If it redefines marriage, the Maryland legislature would join a handful of state legislative bodies that have attempted to change the definition of marriage that has served as the foundation of civilization for thousands of years. The U.S. Conference of Catholic Bishops’ website on marriage notes: “Marriage is much bigger than a mere private relationship between individuals. Marriage and family constitute the cornerstone of neighborhoods, communities, churches, towns, cities, societies, nations and the world. The marriage of one man and one woman is a fundamental pattern of and for human existence, serving the public good.”
Noting the complementary gifts that mothers and fathers bring to marriage and to raising children, the Archdiocese of Washington’s website makes the point that, “The church opposes any redefinition of marriage because it is contrary to natural law and God’s design. Marriage is the foundation of the family and is the best environment to welcome and raise children. Healthy marriages and families are essential for society to flourish.”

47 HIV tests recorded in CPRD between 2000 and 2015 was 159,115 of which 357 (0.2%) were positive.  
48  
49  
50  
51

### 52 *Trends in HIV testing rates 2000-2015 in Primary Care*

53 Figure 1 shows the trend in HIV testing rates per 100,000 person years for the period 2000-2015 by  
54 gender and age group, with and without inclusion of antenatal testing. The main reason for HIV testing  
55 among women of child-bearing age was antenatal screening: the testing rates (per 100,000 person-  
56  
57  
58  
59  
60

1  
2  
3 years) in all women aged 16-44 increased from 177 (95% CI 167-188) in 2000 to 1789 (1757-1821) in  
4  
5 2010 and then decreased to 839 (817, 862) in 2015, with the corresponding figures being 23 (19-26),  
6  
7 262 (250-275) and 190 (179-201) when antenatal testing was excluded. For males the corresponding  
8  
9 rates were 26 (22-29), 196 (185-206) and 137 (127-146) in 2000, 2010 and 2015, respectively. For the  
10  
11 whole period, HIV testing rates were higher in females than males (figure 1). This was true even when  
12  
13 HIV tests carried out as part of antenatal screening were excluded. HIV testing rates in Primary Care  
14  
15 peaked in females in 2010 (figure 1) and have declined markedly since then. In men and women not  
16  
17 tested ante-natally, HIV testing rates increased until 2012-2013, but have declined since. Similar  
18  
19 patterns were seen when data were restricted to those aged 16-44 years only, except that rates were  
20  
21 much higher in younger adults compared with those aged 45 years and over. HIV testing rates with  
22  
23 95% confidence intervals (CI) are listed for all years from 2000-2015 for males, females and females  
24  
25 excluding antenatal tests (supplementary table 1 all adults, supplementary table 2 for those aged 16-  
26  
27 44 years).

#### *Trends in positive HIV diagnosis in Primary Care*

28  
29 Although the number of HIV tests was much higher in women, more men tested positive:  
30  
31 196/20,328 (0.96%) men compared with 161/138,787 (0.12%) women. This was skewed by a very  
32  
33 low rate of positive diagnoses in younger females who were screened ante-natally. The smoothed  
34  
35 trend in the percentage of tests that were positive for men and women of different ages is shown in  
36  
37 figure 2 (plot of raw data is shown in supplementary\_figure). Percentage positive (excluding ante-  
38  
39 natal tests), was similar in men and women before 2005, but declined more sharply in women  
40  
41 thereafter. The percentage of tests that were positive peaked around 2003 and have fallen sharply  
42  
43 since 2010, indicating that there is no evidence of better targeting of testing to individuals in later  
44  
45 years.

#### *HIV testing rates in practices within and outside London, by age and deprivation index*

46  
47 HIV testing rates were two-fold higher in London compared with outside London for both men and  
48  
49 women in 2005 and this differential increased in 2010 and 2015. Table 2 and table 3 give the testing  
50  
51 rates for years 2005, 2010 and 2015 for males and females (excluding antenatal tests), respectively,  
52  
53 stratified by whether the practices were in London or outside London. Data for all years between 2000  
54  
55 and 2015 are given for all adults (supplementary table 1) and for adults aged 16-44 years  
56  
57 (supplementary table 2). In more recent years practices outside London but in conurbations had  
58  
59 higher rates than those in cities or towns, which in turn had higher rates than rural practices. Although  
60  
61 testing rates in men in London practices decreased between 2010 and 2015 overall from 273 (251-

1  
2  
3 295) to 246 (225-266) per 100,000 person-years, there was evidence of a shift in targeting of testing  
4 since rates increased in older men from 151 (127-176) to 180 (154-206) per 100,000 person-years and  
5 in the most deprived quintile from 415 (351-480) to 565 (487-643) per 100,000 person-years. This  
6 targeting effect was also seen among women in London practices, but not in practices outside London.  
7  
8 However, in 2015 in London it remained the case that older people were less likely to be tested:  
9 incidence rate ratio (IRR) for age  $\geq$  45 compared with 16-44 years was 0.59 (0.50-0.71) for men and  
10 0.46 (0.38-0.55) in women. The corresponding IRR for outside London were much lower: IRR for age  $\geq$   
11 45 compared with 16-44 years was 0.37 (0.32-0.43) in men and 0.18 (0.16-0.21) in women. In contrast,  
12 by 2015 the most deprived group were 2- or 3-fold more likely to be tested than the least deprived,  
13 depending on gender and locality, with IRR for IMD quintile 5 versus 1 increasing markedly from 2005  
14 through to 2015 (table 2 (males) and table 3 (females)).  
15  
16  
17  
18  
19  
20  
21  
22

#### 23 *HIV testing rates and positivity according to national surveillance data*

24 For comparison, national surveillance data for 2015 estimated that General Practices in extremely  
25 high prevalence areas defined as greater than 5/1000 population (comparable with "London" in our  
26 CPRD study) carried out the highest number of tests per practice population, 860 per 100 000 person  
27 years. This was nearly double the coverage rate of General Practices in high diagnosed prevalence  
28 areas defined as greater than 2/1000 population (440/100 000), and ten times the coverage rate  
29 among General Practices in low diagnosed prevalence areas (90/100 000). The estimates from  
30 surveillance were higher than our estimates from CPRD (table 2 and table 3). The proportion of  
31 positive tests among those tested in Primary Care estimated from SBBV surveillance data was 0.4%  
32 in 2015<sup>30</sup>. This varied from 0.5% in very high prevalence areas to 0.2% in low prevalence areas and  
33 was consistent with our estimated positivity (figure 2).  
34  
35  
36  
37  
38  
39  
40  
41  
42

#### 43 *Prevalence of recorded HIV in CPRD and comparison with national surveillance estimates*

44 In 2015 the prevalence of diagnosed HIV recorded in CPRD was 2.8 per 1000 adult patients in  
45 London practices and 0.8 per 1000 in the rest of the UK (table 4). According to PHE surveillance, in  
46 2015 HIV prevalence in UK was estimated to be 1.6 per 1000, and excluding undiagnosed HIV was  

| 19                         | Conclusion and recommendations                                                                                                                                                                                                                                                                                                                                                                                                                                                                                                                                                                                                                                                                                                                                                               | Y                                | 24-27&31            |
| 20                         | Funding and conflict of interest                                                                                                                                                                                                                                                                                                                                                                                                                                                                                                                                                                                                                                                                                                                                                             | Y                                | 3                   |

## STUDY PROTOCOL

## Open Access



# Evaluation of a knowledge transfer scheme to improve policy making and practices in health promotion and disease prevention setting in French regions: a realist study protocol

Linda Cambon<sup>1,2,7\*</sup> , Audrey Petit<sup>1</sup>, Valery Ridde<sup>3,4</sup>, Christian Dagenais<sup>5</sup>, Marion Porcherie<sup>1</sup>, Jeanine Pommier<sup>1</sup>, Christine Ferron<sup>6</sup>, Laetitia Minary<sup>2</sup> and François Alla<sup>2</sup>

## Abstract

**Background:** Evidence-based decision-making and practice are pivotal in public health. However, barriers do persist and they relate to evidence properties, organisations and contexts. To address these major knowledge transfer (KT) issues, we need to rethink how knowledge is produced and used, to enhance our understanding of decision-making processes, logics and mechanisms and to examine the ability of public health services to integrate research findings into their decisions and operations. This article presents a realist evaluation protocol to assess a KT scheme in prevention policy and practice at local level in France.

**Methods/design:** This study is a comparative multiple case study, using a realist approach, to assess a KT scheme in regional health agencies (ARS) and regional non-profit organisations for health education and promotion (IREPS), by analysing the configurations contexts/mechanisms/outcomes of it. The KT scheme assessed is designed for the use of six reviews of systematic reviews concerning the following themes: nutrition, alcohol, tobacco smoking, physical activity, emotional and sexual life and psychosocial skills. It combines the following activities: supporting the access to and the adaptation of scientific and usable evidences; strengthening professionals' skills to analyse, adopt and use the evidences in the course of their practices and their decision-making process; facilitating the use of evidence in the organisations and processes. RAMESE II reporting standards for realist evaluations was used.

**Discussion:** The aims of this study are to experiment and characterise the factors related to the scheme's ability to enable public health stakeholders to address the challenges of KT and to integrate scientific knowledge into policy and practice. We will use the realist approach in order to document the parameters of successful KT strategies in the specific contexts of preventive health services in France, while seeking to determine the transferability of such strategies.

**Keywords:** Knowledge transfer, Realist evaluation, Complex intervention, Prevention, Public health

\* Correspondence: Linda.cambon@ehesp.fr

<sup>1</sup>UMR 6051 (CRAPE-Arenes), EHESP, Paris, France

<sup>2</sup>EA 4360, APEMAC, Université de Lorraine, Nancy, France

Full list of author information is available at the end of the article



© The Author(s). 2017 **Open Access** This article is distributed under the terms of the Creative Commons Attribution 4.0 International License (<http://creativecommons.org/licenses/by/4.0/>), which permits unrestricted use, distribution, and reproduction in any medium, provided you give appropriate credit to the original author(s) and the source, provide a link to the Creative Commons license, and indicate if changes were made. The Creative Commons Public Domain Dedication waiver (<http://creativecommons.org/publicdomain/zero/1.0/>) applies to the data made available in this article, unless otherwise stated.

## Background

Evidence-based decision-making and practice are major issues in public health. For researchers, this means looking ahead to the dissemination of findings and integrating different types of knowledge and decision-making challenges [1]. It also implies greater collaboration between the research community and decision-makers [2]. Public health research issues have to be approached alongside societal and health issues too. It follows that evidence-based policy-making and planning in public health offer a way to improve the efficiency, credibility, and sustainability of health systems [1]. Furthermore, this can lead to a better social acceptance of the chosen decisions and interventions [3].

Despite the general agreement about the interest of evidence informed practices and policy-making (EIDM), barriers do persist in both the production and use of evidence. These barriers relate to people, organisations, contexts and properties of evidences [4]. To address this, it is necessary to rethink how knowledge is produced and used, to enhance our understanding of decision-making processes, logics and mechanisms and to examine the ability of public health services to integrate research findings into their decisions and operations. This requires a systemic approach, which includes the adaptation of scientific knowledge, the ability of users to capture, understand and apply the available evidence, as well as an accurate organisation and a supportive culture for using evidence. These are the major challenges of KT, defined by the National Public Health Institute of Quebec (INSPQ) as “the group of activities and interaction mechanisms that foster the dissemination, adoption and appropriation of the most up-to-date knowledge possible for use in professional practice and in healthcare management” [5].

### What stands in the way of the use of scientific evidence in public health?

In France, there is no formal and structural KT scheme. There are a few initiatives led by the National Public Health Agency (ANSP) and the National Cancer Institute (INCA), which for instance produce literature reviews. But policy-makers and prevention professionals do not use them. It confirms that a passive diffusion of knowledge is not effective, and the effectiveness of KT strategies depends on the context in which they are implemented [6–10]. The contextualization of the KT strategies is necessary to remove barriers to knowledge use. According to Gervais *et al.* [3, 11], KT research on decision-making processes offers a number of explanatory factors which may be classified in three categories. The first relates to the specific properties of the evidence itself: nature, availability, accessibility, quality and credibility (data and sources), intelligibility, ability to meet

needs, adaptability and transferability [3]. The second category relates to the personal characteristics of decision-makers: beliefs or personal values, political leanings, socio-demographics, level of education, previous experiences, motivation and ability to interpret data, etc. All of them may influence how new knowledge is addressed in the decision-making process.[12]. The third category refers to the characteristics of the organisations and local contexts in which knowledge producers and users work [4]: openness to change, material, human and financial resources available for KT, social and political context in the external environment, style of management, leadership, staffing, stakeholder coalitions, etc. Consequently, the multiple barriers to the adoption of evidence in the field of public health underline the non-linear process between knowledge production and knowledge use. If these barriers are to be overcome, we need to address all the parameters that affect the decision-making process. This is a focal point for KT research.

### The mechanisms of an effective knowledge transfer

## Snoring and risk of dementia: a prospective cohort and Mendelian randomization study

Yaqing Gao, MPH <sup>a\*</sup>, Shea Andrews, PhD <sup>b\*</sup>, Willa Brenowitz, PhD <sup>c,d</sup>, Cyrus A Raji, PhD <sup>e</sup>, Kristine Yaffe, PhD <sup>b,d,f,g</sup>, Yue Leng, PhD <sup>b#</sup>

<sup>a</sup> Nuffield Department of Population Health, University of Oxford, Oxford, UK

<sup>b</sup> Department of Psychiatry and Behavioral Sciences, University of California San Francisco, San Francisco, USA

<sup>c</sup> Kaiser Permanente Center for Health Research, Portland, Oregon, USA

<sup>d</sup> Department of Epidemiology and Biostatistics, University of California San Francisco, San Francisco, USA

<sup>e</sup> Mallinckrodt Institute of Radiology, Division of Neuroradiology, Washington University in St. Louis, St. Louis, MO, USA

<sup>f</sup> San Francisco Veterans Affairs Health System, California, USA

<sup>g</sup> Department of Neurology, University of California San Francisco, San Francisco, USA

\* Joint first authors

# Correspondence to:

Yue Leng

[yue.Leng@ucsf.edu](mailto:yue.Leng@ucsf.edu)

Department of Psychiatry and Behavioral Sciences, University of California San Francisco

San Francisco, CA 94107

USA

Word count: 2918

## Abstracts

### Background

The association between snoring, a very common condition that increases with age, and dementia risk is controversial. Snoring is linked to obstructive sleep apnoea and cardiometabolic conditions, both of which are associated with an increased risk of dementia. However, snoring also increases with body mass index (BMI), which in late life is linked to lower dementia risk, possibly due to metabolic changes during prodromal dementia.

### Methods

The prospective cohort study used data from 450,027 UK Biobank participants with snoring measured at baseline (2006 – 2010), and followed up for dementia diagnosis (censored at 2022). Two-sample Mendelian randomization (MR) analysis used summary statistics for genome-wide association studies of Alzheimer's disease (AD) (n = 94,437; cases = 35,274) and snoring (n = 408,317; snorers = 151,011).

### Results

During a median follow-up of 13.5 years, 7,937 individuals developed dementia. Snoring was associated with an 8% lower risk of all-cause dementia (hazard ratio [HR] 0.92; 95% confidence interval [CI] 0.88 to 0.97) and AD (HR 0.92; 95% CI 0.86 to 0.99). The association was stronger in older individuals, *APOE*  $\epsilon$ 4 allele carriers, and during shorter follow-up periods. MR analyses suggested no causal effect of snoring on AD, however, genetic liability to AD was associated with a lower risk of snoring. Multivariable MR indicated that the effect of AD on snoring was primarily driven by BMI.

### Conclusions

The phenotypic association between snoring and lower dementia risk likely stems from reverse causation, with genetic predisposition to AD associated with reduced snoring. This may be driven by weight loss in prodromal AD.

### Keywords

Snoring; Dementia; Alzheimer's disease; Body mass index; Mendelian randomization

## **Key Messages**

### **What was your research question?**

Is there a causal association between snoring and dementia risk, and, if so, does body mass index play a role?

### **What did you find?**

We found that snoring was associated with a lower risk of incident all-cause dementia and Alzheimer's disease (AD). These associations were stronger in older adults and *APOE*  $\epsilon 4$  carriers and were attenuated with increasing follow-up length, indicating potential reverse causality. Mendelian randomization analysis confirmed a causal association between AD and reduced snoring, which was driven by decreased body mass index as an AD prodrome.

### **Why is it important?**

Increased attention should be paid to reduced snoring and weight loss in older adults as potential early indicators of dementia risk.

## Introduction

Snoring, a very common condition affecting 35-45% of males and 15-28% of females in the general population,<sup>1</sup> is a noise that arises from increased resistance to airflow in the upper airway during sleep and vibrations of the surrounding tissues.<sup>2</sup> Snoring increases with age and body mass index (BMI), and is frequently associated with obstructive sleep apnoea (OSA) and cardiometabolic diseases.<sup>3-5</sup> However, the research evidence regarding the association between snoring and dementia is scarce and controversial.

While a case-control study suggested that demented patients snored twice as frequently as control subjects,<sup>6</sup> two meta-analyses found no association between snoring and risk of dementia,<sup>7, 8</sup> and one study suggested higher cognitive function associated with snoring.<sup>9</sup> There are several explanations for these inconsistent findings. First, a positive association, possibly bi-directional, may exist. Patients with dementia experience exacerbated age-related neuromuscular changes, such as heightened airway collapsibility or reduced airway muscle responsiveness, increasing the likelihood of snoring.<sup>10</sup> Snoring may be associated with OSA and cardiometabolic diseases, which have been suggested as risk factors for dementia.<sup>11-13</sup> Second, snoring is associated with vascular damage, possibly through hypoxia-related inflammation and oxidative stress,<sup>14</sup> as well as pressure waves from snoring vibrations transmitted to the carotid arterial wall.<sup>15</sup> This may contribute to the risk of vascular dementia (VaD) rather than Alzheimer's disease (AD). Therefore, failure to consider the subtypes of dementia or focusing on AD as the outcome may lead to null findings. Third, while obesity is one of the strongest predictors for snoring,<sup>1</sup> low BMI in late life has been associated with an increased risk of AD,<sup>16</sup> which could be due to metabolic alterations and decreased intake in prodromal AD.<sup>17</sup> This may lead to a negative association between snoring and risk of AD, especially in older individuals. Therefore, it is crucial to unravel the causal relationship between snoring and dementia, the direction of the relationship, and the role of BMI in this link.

That point has been emphasized by the Maryland Catholic Conference, which has noted, “The union of one man and one woman is the only human relationship capable of creating children and nurturing them together as father and mother.”
In his travels around the world, Pope Benedict has often spoken of marriage between a man and a woman as a sanctuary of life and love, noting that it has been the foundation “of the great cultures of the world. And if this disappears, the root of our culture will be destroyed.”
Much like the abortion rights movement has distorted the meaning of the words “choice” and “freedom,” the advocates of redefining marriage have wrapped their effort in the guise of equality and civil rights, and in the process have misused those terms and ignored the context and reality of marriage.